Ok. So a couple weeks ago I did something. I talked openly about MY experience with sexism in tech through my blog post “A Woman in Tech’s Open Letter to My ‘Sexist’ Colleagues”. I did it in the most compassionate and conscious way I could through sharing my personal forgiveness exercise for those who I felt had belittled me based on my gender. This experience was true for me. I didn’t share the transcripts of any exact experiences or quantify my experience in any way except for its toll on my own emotions.
Why did I do it? First, I wanted to share my experience to let women who were experiencing difficulties know that they were not alone. Second, I was curious to see what else happened. When women in tech get together privately, the conversation often turns to experiences like the ones I shared. However, it is still scary to discuss this topic openly at work for fear of being labeled as “Difficult” or “Complainer”. Sharing it openly was sure to derive some interesting takeaways. So what did I find out?
THE TRUTH: There is no consensus reality on sexism in tech. Only interpretations of individual experiences and some obvious trends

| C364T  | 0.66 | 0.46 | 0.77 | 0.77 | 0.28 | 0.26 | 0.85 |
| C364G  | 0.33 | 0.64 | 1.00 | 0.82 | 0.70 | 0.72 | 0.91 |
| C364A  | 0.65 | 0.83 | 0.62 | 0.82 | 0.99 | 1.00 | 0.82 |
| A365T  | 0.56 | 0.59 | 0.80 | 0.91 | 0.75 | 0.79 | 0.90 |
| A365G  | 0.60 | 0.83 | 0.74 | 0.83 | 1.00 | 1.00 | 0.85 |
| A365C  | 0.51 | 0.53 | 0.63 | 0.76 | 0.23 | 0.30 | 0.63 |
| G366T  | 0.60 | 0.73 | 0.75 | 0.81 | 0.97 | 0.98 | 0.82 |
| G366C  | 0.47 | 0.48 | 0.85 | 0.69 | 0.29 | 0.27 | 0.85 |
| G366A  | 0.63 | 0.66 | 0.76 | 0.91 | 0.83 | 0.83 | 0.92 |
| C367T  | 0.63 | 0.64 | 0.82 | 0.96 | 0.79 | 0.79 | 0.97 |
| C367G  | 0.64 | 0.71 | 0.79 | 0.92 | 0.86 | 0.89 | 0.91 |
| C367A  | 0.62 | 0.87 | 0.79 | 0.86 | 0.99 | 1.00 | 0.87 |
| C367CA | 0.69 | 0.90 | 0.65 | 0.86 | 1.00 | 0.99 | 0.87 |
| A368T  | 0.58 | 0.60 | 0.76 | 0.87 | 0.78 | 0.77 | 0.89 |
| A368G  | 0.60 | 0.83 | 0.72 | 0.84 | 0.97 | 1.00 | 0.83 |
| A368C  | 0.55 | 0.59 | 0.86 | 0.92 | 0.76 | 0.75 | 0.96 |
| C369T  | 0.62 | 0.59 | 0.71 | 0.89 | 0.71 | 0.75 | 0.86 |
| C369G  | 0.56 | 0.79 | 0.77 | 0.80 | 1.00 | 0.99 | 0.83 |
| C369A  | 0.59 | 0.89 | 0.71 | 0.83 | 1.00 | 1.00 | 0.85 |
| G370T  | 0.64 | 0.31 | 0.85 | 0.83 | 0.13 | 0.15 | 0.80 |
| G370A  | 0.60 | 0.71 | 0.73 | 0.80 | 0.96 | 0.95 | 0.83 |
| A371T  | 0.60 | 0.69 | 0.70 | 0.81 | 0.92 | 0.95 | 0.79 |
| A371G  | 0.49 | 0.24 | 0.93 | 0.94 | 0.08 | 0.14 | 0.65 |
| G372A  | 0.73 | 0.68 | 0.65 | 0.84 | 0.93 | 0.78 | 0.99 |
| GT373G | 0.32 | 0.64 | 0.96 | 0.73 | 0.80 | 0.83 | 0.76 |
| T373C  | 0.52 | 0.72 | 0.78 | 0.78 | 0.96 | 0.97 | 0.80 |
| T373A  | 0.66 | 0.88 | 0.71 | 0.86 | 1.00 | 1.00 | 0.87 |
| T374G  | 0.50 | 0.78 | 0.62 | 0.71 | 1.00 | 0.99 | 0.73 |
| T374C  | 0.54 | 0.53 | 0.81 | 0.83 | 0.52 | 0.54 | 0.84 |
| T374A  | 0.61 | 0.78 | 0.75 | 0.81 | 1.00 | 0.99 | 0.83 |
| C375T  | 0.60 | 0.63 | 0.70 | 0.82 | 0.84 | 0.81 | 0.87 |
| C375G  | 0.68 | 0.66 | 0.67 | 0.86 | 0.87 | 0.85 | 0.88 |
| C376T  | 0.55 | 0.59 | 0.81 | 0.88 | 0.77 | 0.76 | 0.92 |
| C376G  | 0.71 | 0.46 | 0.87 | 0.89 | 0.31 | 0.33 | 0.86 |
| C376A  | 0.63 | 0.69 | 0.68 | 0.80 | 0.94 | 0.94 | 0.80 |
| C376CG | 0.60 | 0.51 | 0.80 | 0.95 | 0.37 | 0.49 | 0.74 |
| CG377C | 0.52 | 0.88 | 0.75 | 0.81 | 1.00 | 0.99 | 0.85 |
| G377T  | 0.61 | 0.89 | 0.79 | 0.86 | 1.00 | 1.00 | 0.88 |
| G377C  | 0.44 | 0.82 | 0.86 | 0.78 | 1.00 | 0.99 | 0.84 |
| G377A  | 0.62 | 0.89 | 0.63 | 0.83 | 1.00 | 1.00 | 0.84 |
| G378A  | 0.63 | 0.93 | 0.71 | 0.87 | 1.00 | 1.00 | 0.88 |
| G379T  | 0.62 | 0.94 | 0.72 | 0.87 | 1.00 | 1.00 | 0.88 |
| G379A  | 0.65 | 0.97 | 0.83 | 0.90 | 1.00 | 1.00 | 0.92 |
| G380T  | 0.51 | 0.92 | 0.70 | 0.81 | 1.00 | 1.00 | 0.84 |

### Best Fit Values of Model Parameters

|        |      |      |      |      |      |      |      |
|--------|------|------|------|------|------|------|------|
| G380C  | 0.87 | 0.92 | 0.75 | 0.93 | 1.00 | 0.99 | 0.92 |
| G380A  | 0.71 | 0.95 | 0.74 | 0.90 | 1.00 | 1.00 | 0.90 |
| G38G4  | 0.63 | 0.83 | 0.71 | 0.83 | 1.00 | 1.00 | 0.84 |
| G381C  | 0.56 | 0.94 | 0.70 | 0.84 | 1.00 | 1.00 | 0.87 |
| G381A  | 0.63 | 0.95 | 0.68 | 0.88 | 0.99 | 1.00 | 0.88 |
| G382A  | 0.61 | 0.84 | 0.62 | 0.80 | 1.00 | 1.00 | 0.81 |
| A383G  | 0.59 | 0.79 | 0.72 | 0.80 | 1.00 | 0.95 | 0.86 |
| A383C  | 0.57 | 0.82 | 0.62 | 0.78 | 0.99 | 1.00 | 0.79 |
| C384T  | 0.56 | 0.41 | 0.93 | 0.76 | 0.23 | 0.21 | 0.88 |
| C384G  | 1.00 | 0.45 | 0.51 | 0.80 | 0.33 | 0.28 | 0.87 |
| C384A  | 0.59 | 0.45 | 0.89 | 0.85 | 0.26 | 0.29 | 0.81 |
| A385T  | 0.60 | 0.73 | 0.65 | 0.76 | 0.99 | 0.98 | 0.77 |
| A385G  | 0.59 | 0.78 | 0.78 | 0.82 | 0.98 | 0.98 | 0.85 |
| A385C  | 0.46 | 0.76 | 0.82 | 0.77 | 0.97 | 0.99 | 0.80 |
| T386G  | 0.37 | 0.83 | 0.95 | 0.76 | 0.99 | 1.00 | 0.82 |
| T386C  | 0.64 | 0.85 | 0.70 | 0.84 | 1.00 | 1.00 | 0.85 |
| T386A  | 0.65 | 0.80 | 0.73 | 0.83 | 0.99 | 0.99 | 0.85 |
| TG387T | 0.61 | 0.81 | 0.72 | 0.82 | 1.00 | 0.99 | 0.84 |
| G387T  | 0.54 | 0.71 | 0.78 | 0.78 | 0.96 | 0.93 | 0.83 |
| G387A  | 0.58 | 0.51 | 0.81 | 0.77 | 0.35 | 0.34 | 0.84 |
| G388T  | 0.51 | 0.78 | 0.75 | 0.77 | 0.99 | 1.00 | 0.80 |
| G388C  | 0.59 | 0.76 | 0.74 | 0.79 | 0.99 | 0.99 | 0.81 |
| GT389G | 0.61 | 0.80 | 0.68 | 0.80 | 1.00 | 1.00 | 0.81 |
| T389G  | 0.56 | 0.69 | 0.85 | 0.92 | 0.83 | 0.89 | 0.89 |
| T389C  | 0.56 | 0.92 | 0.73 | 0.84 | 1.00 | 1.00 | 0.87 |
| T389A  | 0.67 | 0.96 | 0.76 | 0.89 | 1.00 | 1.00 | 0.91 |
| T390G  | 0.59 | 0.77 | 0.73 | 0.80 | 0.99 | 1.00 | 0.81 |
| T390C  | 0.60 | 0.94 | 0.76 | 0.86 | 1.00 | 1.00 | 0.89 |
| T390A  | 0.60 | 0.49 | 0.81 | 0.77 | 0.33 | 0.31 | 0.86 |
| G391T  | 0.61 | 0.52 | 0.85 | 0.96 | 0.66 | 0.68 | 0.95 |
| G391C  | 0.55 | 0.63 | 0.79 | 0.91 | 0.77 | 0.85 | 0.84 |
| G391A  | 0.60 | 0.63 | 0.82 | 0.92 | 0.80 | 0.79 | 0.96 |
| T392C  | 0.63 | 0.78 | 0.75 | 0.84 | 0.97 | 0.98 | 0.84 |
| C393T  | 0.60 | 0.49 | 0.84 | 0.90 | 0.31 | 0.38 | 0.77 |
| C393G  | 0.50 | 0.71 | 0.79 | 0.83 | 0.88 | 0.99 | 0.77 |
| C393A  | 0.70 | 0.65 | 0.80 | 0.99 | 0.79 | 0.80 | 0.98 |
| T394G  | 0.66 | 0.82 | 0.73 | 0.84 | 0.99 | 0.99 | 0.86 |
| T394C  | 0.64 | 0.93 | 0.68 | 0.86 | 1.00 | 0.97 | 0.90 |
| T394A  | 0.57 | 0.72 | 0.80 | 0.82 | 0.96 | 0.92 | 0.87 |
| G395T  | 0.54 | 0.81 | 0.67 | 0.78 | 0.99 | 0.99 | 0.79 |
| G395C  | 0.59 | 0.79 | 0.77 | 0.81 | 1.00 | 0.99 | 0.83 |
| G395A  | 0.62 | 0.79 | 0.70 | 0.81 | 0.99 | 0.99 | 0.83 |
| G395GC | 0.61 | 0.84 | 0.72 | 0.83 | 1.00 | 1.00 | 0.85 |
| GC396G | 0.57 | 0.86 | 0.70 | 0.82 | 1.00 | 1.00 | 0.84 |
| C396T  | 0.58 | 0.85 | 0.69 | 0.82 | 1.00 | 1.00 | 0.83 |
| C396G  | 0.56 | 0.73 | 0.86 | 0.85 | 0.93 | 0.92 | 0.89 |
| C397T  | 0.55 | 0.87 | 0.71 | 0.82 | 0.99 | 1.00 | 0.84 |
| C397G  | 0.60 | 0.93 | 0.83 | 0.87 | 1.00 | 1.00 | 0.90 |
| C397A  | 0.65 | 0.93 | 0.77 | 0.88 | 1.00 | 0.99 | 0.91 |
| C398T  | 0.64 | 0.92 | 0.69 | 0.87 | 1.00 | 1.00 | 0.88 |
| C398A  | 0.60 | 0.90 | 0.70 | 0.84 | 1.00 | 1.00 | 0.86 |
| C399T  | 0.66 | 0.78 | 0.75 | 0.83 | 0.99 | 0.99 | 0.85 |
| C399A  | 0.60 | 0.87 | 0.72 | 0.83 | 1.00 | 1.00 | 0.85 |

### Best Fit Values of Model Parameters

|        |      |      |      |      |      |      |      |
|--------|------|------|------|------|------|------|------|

Over 1,400 people have read the post so far and 2000 have viewed it. I left out likes on my personal Facebook page because a large portion of those people do not work in technology, and well, my mom and dad liked it so there is some bias. (Thanks mom and dad!)
Women: Approximately 45 women told me they identified with my experience in some way, either by thanking me, asking how they can get involved in solving this problem, and/or telling me they had experienced similar issues. Two women told me that they heard about it a lot from their female colleagues but they didn’t see it personally.
Men: Approximately 25 men exhibited compassion and support— either by reposting my blog, commenting on it positively, and sending me private messages. Approximately 15 men did not agree with the post in some way— either through telling me sexism in tech did not exist, that my experience wasn’t sexism but other factors in the environments I worked in, that it was a solved problem, or that it was a problem being solved that didn’t need my interference. None of these 15 men expressed curiosity about my exact experience. In addition to these responses, one man who was older than his colleagues told me he experienced unconscious bias himself at work and that this issue did not just apply to women. (personal viewpoint: I agree with him!) One colleague came to me concerned he had been sexist towards me at some point. In my experience he had not.
I tried to get more statistics by running two Facebook ads with the post targeting people with an interest in enterprise software and information technology. My takeaway is that Facebook is not good at identifying real tech people based on these interests as the people I reached did not have careers in tech. (Goodbye $40! Thanks for the lesson!)